Last week, I told Amy’s story, of how she looked for a fairytale ending to her life as a courtesan, through marriage to a Duke. Amy’s ending wasn’t the fairytale she’d hoped; it came crashing to a sorry conclusion when her Duke married someone else two weeks after she gave birth to his son.
But now I’ll tell the story of Harriette’s younger sister, Sophia. I talked in an earlier post, about how Sophia was seduced into becoming a courtesan, but now she’s parted ways with Lord Deerhurst, she can consider better options.
Before I begin her story, as ever, here’s the quick recap of the background to this series of posts, as usual, if you’ve read it before skip to the end of the italics and read on.
In 1825 Harriette Wilson, a courtesan, published a series of stories as her memoirs in a British broad sheet paper. The Regency gentleman’s clubs were a buzz, waiting to see the next names mentioned each week. While barriers had to be set up outside the shop of her publisher, Stockdale, to hold back the disapproving mob.
Harriette was born Harriette Debochet, she chose the name Harriette Wilson as her professional name, in the same way Emma Hart, who I’ve blogged about previously, had changed her name. Unlike Emma, it isn’t known why or when Harriette changed her name.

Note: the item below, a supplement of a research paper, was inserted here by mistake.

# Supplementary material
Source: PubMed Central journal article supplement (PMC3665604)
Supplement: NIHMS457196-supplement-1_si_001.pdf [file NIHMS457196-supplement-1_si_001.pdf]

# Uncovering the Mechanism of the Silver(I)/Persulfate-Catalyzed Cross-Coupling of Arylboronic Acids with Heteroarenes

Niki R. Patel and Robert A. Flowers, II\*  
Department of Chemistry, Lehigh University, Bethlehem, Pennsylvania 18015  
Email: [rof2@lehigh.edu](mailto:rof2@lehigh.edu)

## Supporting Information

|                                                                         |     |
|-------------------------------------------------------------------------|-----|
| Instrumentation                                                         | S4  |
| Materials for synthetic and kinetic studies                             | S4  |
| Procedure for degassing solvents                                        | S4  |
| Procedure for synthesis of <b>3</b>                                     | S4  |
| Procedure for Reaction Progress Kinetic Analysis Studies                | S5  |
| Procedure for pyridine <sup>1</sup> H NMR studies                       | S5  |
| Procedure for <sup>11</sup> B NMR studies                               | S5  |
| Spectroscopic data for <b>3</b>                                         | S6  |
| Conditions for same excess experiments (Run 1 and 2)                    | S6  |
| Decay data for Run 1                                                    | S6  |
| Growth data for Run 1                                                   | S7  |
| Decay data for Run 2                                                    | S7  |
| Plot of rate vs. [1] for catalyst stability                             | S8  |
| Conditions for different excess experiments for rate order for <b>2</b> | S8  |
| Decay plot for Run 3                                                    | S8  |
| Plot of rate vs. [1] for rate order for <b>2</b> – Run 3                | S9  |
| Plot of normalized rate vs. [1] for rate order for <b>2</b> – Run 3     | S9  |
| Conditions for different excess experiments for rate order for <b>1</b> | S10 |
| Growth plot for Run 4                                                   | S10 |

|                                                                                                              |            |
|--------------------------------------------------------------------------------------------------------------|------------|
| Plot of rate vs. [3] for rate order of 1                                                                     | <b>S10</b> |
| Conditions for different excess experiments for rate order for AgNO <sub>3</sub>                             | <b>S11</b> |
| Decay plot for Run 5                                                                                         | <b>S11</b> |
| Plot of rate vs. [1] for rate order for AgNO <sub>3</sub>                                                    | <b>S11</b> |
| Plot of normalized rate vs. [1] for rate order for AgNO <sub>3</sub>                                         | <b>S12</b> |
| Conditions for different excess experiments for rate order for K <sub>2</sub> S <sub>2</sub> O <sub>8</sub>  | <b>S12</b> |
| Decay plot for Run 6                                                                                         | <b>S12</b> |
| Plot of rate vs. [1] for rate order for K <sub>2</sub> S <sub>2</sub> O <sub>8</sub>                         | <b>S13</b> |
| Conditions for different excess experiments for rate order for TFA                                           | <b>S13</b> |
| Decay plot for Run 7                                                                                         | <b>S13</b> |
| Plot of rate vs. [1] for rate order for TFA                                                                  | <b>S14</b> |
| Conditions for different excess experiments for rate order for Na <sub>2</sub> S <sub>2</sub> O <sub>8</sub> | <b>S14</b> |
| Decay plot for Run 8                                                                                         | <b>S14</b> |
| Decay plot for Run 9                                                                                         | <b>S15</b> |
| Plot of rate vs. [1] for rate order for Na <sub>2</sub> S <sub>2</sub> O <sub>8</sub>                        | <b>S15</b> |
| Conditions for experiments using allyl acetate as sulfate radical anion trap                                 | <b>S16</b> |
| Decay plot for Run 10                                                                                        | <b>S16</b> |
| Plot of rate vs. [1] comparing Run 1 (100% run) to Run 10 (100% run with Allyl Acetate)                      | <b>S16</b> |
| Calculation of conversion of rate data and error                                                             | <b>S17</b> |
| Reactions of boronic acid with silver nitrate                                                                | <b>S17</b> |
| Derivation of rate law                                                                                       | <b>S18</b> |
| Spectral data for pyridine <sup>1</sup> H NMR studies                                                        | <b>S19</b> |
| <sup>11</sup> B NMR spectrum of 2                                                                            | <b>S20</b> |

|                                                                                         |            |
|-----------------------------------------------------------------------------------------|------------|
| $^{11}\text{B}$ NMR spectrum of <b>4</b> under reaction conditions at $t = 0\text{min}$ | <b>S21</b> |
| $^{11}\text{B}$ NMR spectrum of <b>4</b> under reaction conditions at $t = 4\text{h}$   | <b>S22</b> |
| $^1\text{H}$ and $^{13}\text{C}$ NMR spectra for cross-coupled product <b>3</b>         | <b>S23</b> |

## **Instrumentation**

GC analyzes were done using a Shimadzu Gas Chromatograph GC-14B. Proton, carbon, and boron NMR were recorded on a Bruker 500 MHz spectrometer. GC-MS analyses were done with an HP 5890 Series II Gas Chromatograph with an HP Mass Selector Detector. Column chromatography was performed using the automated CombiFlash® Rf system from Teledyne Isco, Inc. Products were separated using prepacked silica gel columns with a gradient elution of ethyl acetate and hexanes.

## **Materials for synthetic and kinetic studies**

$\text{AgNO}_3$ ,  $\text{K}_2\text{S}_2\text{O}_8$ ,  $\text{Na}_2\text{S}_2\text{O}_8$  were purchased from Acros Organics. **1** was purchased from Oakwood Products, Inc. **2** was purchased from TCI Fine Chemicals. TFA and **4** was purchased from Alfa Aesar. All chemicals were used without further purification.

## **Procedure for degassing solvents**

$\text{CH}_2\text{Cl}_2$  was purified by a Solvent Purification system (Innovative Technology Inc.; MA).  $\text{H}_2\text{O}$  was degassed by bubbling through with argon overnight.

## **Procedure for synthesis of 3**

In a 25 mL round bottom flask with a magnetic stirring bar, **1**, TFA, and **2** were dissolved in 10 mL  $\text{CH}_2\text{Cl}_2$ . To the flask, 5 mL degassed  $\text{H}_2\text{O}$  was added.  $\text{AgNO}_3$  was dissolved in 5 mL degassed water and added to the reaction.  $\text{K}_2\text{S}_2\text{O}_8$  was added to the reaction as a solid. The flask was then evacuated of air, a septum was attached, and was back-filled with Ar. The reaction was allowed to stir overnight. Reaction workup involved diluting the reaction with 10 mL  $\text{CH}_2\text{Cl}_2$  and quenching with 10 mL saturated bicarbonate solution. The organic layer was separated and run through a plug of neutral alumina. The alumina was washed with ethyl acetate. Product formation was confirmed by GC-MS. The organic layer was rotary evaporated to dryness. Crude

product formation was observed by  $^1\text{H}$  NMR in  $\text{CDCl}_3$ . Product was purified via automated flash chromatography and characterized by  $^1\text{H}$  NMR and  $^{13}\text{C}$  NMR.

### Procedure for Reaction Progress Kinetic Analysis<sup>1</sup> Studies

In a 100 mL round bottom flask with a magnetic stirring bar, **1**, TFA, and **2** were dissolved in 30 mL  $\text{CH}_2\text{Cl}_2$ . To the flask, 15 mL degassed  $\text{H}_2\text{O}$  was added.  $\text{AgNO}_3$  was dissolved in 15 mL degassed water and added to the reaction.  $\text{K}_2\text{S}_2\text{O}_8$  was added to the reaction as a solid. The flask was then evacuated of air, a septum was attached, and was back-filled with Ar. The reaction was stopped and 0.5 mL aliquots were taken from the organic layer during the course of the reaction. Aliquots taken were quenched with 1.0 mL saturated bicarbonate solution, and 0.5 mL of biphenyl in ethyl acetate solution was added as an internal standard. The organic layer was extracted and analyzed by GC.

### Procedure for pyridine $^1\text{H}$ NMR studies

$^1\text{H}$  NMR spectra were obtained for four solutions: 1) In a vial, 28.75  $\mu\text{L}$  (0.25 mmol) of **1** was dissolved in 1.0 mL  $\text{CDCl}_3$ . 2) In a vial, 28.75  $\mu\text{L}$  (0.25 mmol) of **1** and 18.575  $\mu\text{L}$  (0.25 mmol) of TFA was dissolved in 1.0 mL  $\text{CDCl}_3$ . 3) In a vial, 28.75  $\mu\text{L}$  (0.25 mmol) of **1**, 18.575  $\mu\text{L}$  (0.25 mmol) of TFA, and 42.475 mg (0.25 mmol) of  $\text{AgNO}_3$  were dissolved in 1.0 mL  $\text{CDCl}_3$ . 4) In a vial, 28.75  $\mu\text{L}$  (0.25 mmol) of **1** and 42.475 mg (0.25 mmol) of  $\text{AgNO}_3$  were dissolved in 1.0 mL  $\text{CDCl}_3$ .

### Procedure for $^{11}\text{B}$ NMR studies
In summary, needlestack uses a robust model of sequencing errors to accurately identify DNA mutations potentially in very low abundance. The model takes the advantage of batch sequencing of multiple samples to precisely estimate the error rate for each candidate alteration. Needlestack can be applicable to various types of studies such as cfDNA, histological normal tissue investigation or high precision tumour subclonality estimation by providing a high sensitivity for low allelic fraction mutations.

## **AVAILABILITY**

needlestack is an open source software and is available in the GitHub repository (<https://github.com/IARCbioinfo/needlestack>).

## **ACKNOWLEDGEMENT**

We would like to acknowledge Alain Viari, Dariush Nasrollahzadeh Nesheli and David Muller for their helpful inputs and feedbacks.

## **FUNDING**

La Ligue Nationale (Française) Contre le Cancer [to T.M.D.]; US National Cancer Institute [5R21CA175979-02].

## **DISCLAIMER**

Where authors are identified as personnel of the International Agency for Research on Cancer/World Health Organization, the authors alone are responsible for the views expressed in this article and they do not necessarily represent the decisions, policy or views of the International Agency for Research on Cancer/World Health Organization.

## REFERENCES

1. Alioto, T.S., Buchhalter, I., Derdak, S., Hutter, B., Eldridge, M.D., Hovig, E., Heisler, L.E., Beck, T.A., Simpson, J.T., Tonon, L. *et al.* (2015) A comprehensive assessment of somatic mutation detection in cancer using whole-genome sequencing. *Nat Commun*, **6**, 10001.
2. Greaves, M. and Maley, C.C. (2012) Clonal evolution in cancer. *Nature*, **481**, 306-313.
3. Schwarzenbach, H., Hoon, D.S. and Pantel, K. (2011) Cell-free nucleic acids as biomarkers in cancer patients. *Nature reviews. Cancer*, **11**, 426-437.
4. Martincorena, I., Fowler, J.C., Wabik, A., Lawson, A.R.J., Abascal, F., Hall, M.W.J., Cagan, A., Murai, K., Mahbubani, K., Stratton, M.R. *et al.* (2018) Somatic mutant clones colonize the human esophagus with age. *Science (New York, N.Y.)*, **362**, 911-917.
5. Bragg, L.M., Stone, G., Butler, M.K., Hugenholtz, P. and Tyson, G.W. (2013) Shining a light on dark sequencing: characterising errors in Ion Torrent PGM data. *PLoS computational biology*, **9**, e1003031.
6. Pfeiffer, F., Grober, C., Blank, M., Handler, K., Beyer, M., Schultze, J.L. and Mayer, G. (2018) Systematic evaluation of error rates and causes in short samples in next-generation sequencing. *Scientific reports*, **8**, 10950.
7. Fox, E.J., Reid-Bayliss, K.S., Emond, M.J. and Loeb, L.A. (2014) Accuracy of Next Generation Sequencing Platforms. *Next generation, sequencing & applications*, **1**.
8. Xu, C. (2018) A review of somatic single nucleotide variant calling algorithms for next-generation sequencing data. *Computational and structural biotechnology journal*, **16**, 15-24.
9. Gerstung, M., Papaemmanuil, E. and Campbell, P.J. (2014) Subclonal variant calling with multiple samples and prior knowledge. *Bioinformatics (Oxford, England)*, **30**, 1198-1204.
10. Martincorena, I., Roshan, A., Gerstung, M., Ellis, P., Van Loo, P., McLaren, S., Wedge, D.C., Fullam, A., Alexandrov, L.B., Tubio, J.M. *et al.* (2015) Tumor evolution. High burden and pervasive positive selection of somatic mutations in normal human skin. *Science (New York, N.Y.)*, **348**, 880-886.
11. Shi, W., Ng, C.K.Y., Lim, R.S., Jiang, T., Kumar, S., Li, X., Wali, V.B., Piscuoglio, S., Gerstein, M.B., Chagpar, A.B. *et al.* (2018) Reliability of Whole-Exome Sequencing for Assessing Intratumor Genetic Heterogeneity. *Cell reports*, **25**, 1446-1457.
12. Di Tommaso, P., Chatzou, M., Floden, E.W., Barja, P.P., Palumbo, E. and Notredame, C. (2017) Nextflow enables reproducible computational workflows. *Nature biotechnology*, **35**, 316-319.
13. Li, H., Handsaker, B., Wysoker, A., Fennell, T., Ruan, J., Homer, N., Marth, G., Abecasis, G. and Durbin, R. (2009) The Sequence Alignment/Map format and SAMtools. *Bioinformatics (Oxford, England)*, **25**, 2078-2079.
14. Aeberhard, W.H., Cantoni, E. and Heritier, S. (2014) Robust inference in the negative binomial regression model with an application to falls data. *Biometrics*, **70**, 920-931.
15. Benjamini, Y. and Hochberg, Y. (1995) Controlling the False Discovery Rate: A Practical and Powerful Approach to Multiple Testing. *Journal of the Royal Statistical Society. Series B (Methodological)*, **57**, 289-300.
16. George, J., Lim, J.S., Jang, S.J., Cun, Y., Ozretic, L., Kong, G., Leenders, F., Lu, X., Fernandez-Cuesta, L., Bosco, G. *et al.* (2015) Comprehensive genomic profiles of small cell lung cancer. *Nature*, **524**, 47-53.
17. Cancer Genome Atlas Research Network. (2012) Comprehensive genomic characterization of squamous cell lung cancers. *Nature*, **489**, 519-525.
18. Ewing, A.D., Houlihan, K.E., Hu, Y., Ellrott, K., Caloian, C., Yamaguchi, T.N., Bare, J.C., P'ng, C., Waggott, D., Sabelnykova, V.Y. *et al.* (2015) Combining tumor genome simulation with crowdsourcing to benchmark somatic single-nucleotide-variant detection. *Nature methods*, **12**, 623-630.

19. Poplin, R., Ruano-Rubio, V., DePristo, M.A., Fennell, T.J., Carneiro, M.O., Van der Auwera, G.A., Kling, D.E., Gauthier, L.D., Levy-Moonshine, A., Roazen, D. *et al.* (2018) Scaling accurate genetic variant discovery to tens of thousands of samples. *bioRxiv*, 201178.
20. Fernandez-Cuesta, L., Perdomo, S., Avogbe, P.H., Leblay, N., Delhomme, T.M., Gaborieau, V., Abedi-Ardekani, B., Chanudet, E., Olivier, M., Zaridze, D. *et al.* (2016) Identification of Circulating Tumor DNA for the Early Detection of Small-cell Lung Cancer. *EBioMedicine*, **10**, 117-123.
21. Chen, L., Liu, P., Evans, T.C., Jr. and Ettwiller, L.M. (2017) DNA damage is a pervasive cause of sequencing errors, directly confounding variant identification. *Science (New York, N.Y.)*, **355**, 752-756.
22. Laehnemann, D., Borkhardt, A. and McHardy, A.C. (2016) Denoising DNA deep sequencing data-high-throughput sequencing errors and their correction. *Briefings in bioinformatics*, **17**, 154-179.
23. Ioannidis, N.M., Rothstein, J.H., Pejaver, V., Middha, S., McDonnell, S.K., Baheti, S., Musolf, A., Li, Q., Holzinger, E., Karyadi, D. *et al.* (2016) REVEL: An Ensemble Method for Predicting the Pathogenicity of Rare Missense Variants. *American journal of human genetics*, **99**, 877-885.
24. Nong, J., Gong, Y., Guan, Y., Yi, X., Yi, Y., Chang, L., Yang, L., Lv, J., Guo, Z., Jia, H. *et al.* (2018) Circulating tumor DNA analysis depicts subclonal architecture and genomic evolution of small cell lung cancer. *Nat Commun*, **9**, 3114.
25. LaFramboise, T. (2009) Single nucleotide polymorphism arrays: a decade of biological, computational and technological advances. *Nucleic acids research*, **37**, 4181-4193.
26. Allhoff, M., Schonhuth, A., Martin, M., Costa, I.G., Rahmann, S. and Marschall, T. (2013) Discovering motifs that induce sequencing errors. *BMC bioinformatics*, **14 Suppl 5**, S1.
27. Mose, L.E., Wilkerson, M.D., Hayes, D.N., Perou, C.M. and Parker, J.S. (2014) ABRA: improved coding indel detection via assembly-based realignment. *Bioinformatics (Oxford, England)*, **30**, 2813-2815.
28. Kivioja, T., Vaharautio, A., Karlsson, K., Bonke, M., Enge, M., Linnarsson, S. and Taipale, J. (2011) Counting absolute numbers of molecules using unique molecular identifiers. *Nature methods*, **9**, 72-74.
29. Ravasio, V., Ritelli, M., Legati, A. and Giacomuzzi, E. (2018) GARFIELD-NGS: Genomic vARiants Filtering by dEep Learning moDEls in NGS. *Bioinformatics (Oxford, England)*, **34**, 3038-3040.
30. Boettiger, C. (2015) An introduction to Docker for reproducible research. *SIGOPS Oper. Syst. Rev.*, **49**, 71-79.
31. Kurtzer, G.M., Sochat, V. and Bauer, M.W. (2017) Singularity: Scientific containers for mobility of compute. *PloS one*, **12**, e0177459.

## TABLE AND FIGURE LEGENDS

She was one of nine surviving children. Her father was a watchmaker and her mother a stocking repairer, and both were believed to be from illegitimate origin.
Three of Harriette’s sisters also became courtesans. Amy, Fanny and Sophia (who I have written about before). So the tales I am about to begin in my blogs will include some elements from their lives too.
For a start you’ll need to understand the world of the 19th Century Courtesan. It was all about show and not just about sex. The idle rich of the upper class aspired to spending time in the company of courtesans, it was fashionable, the thing to do.
You were envied if you were linked to one of the most popular courtesans or you discovered a new unknown beauty to be admired by others.
Courtesans were also part of the competitive nature of the regency period too, gambling was a large element of the life of the idle rich and courtesans were won and lost and bartered and fought for.